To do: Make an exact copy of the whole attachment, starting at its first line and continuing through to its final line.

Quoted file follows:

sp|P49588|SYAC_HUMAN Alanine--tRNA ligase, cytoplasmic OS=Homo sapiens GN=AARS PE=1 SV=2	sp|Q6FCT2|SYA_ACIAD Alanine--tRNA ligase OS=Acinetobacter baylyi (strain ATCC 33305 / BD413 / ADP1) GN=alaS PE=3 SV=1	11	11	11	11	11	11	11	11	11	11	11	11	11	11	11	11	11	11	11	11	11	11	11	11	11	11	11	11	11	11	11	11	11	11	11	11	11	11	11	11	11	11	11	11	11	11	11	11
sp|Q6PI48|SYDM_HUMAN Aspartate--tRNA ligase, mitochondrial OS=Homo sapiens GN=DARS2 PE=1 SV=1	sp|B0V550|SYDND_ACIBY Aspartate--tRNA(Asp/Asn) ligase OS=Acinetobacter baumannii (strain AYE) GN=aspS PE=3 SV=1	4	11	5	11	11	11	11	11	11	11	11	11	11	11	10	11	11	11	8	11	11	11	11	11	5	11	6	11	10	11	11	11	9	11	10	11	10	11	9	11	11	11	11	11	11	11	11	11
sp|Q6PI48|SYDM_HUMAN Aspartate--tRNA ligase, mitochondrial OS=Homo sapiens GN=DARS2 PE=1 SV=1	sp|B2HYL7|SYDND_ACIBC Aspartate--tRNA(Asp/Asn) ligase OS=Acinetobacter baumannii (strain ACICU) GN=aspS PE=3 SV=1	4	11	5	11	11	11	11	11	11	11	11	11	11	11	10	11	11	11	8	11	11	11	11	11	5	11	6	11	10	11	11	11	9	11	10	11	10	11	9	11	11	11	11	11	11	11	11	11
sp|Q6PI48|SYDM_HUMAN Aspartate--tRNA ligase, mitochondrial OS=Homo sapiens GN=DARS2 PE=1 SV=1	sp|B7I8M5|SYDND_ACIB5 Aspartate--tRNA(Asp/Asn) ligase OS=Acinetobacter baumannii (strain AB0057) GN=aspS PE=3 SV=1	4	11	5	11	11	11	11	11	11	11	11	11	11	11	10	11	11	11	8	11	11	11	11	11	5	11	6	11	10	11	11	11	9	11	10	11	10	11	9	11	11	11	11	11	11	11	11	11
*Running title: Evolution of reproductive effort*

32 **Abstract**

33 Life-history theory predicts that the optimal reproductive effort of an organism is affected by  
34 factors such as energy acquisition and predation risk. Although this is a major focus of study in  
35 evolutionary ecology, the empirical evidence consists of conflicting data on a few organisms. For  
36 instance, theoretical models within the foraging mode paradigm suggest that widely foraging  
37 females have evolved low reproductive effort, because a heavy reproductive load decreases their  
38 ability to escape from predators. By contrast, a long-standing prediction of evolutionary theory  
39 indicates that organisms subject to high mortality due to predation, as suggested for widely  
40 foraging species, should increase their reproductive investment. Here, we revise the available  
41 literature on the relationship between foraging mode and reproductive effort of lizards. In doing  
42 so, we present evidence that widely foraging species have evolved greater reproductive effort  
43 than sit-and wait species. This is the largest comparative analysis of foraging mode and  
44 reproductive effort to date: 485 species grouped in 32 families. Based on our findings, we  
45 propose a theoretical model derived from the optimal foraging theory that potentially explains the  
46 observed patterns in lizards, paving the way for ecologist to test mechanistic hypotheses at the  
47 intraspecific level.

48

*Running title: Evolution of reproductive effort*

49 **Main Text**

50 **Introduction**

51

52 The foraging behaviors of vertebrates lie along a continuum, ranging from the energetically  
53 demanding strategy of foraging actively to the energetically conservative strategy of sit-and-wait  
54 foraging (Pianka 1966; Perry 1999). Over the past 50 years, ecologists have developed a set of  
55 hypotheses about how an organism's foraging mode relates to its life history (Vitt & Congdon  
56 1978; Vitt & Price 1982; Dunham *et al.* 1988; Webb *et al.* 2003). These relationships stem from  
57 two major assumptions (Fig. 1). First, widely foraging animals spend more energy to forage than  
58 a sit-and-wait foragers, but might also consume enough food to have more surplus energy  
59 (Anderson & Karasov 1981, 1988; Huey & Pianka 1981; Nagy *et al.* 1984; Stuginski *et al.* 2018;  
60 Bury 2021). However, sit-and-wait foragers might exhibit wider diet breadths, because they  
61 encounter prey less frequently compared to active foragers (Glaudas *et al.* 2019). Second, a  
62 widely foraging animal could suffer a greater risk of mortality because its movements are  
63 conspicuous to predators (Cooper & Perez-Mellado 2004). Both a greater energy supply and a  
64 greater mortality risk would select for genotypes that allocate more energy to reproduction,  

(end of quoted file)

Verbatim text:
sp|P49588|SYAC_HUMAN Alanine--tRNA ligase, cytoplasmic OS=Homo sapiens GN=AARS PE=1 SV=2	sp|Q6FCT2|SYA_ACIAD Alanine--tRNA ligase OS=Acinetobacter baylyi (strain ATCC 33305 / BD413 / ADP1) GN=alaS PE=3 SV=1	11	11	11	11	11	11	11	11	11	11	11	11	11	11	11	11	11	11	11	11	11	11	11	11	11	11	11	11	11	11	11	11	11	11	11	11	11	11	11	11	11	11	11	11	11	11	11	11
sp|Q6PI48|SYDM_HUMAN Aspartate--tRNA ligase, mitochondrial OS=Homo sapiens GN=DARS2 PE=1 SV=1	sp|B0V550|SYDND_ACIBY Aspartate--tRNA(Asp/Asn) ligase OS=Acinetobacter baumannii (strain AYE) GN=aspS PE=3 SV=1	4	11	5	11	11	11	11	11	11	11	11	11	11	11	10	11	11	11	8	11	11	11	11	11	5	11	6	11	10	11	11	11	9	11	10	11	10	11	9	11	11	11	11	11	11	11	11	11
sp|Q6PI48|SYDM_HUMAN Aspartate--tRNA ligase, mitochondrial OS=Homo sapiens GN=DARS2 PE=1 SV=1	sp|B2HYL7|SYDND_ACIBC Aspartate--tRNA(Asp/Asn) ligase OS=Acinetobacter baumannii (strain ACICU) GN=aspS PE=3 SV=1	4	11	5	11	11	11	11	11	11	11	11	11	11	11	10	11	11	11	8	11	11	11	11	11	5	11	6	11	10	11	11	11	9	11	10	11	10	11	9	11	11	11	11	11	11	11	11	11
sp|Q6PI48|SYDM_HUMAN Aspartate--tRNA ligase, mitochondrial OS=Homo sapiens GN=DARS2 PE=1 SV=1	sp|B7I8M5|SYDND_ACIB5 Aspartate--tRNA(Asp/Asn) ligase OS=Acinetobacter baumannii (strain AB0057) GN=aspS PE=3 SV=1	4	11	5	11	11	11	11	11	11	11	11	11	11	11	10	11	11	11	8	11	11	11	11	11	5	11	6	11	10	11	11	11	9	11	10	11	10	11	9	11	11	11	11	11	11	11	11	11
*Running title: Evolution of reproductive effort*

32 **Abstract**

33 Life-history theory predicts that the optimal reproductive effort of an organism is affected by  
34 factors such as energy acquisition and predation risk. Although this is a major focus of study in  
35 evolutionary ecology, the empirical evidence consists of conflicting data on a few organisms. For  
36 instance, theoretical models within the foraging mode paradigm suggest that widely foraging  
37 females have evolved low reproductive effort, because a heavy reproductive load decreases their  
38 ability to escape from predators. By contrast, a long-standing prediction of evolutionary theory  
39 indicates that organisms subject to high mortality due to predation, as suggested for widely  
40 foraging species, should increase their reproductive investment. Here, we revise the available  
41 literature on the relationship between foraging mode and reproductive effort of lizards. In doing  
42 so, we present evidence that widely foraging species have evolved greater reproductive effort  
43 than sit-and wait species. This is the largest comparative analysis of foraging mode and  
44 reproductive effort to date: 485 species grouped in 32 families. Based on our findings, we  
45 propose a theoretical model derived from the optimal foraging theory that potentially explains the  
46 observed patterns in lizards, paving the way for ecologist to test mechanistic hypotheses at the  
47 intraspecific level.

48

*Running title: Evolution of reproductive effort*

49 **Main Text**

50 **Introduction**

51

52 The foraging behaviors of vertebrates lie along a continuum, ranging from the energetically  
53 demanding strategy of foraging actively to the energetically conservative strategy of sit-and-wait  
54 foraging (Pianka 1966; Perry 1999). Over the past 50 years, ecologists have developed a set of  
55 hypotheses about how an organism's foraging mode relates to its life history (Vitt & Congdon  
56 1978; Vitt & Price 1982; Dunham *et al.* 1988; Webb *et al.* 2003). These relationships stem from  
57 two major assumptions (Fig. 1). First, widely foraging animals spend more energy to forage than  
58 a sit-and-wait foragers, but might also consume enough food to have more surplus energy  
59 (Anderson & Karasov 1981, 1988; Huey & Pianka 1981; Nagy *et al.* 1984; Stuginski *et al.* 2018;  
60 Bury 2021). However, sit-and-wait foragers might exhibit wider diet breadths, because they  
61 encounter prey less frequently compared to active foragers (Glaudas *et al.* 2019). Second, a  
62 widely foraging animal could suffer a greater risk of mortality because its movements are  
63 conspicuous to predators (Cooper & Perez-Mellado 2004). Both a greater energy supply and a  
64 greater mortality risk would select for genotypes that allocate more energy to reproduction,  